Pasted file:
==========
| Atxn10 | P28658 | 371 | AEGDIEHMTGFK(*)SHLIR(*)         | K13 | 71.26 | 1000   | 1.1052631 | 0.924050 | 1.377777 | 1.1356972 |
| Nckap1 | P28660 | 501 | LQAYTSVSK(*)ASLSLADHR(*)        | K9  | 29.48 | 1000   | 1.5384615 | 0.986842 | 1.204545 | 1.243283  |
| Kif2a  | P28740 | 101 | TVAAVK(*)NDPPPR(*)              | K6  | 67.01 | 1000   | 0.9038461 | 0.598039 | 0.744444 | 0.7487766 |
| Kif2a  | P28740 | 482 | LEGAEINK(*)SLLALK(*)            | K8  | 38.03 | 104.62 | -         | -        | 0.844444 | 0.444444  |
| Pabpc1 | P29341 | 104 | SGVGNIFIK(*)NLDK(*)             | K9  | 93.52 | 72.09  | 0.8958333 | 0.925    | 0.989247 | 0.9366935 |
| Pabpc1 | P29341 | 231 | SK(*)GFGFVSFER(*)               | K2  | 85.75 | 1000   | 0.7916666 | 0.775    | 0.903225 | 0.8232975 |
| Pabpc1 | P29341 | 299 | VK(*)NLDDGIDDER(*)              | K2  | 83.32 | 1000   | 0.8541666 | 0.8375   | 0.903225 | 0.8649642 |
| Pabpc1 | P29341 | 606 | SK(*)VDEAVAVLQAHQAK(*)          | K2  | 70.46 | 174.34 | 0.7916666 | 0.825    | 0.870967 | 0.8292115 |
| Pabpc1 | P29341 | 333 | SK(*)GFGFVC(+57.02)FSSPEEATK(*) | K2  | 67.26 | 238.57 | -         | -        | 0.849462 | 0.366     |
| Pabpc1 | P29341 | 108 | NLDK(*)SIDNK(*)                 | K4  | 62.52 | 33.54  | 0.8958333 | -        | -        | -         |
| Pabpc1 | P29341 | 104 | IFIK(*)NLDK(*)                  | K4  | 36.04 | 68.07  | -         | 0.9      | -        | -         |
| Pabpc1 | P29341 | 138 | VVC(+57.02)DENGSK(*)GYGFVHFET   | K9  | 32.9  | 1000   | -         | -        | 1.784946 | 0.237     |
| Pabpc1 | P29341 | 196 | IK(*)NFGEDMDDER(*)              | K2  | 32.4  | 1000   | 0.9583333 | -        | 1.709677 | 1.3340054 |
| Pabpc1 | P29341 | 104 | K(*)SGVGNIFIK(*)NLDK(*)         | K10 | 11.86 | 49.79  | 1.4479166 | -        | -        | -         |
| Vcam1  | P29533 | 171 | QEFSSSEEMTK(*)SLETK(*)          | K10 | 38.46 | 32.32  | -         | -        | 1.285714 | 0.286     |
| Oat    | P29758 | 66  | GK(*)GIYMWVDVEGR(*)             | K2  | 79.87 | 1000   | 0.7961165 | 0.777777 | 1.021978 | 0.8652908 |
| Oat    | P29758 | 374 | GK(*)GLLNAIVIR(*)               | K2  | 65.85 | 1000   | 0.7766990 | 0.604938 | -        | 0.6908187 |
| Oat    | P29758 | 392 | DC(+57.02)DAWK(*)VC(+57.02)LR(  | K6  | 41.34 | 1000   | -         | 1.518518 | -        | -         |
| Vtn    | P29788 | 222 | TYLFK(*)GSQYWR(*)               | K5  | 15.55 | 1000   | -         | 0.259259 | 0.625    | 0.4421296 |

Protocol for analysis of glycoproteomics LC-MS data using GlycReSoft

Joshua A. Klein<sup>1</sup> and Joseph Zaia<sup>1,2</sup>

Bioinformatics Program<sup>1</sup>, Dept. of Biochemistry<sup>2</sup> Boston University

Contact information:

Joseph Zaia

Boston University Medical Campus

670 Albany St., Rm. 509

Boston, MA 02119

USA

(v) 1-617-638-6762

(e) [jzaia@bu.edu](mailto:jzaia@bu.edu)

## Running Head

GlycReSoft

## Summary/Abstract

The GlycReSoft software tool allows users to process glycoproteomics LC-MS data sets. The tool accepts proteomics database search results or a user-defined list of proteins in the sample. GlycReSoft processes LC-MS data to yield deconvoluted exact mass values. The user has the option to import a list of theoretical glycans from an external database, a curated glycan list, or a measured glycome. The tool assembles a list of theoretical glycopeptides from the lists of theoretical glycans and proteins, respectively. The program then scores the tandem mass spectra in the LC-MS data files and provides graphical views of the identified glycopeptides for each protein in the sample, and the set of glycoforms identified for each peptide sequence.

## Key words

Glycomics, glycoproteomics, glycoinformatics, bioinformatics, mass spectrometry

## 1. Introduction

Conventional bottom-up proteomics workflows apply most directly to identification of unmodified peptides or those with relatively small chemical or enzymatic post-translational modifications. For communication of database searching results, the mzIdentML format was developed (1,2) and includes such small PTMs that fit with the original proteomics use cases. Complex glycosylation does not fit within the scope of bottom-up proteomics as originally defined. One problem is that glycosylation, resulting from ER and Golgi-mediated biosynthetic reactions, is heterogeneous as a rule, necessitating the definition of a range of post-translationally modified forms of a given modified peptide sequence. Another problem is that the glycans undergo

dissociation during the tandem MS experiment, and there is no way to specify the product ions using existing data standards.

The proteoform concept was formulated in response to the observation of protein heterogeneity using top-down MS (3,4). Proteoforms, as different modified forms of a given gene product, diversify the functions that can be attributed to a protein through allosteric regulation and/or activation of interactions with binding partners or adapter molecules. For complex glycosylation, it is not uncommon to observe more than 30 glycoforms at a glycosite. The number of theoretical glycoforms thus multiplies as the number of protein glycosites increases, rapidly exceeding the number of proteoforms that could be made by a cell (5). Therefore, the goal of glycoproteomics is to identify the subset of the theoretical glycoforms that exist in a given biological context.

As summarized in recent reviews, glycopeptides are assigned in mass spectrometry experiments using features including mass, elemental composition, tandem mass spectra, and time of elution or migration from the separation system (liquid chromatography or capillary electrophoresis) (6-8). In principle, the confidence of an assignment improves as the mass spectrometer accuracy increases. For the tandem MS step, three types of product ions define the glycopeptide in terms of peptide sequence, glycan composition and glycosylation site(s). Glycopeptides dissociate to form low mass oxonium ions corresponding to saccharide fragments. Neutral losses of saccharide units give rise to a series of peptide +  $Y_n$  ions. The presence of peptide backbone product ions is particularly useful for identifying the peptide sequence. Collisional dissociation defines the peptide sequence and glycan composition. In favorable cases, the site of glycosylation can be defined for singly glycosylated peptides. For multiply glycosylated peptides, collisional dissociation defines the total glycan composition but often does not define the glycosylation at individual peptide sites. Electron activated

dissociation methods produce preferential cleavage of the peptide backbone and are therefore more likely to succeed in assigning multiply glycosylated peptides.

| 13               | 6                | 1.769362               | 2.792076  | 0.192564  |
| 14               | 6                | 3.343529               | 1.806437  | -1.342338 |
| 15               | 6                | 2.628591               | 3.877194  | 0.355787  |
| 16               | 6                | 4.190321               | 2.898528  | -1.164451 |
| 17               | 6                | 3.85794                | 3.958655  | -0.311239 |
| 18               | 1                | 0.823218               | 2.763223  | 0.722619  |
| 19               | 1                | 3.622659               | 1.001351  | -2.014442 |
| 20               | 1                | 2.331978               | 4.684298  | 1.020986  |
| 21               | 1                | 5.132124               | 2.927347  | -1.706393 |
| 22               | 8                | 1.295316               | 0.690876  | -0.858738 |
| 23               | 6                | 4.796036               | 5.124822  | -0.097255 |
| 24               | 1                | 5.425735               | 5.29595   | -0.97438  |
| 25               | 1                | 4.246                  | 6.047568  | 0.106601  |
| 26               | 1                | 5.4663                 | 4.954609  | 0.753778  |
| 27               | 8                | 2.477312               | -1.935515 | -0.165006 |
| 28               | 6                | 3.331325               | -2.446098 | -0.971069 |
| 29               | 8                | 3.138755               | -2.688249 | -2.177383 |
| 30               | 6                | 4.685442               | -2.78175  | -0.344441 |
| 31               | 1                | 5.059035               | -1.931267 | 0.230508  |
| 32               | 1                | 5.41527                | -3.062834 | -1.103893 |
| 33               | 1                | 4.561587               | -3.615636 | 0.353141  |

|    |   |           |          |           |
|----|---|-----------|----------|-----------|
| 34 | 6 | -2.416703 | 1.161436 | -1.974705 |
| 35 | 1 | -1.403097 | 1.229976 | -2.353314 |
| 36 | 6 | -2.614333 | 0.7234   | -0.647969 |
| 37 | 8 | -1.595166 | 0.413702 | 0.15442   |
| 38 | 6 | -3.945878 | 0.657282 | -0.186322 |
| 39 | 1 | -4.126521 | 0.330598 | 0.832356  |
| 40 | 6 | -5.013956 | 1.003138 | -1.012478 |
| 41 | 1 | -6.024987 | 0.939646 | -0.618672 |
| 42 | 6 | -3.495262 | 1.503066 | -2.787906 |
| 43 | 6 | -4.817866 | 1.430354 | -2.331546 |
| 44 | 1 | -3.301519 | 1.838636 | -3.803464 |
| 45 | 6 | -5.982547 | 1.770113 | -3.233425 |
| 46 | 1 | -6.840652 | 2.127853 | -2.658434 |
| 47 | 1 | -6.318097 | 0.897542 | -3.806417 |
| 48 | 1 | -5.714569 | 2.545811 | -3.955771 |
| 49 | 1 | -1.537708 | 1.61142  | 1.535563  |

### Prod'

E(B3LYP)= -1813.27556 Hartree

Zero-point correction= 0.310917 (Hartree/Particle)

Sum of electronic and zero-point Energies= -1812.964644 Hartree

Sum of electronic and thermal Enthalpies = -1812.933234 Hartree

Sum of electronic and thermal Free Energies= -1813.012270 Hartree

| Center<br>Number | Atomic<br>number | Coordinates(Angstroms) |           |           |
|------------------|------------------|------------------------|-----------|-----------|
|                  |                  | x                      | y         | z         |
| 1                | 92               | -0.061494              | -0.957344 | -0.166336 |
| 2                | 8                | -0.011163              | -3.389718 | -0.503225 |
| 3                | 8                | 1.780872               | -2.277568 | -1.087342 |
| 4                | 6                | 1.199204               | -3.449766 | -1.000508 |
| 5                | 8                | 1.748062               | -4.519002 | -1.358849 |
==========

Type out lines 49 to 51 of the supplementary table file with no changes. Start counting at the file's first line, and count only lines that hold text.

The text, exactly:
| 19               | 1                | 3.622659               | 1.001351  | -2.014442 |
| 20               | 1                | 2.331978               | 4.684298  | 1.020986  |
| 21               | 1                | 5.132124               | 2.927347  | -1.706393 |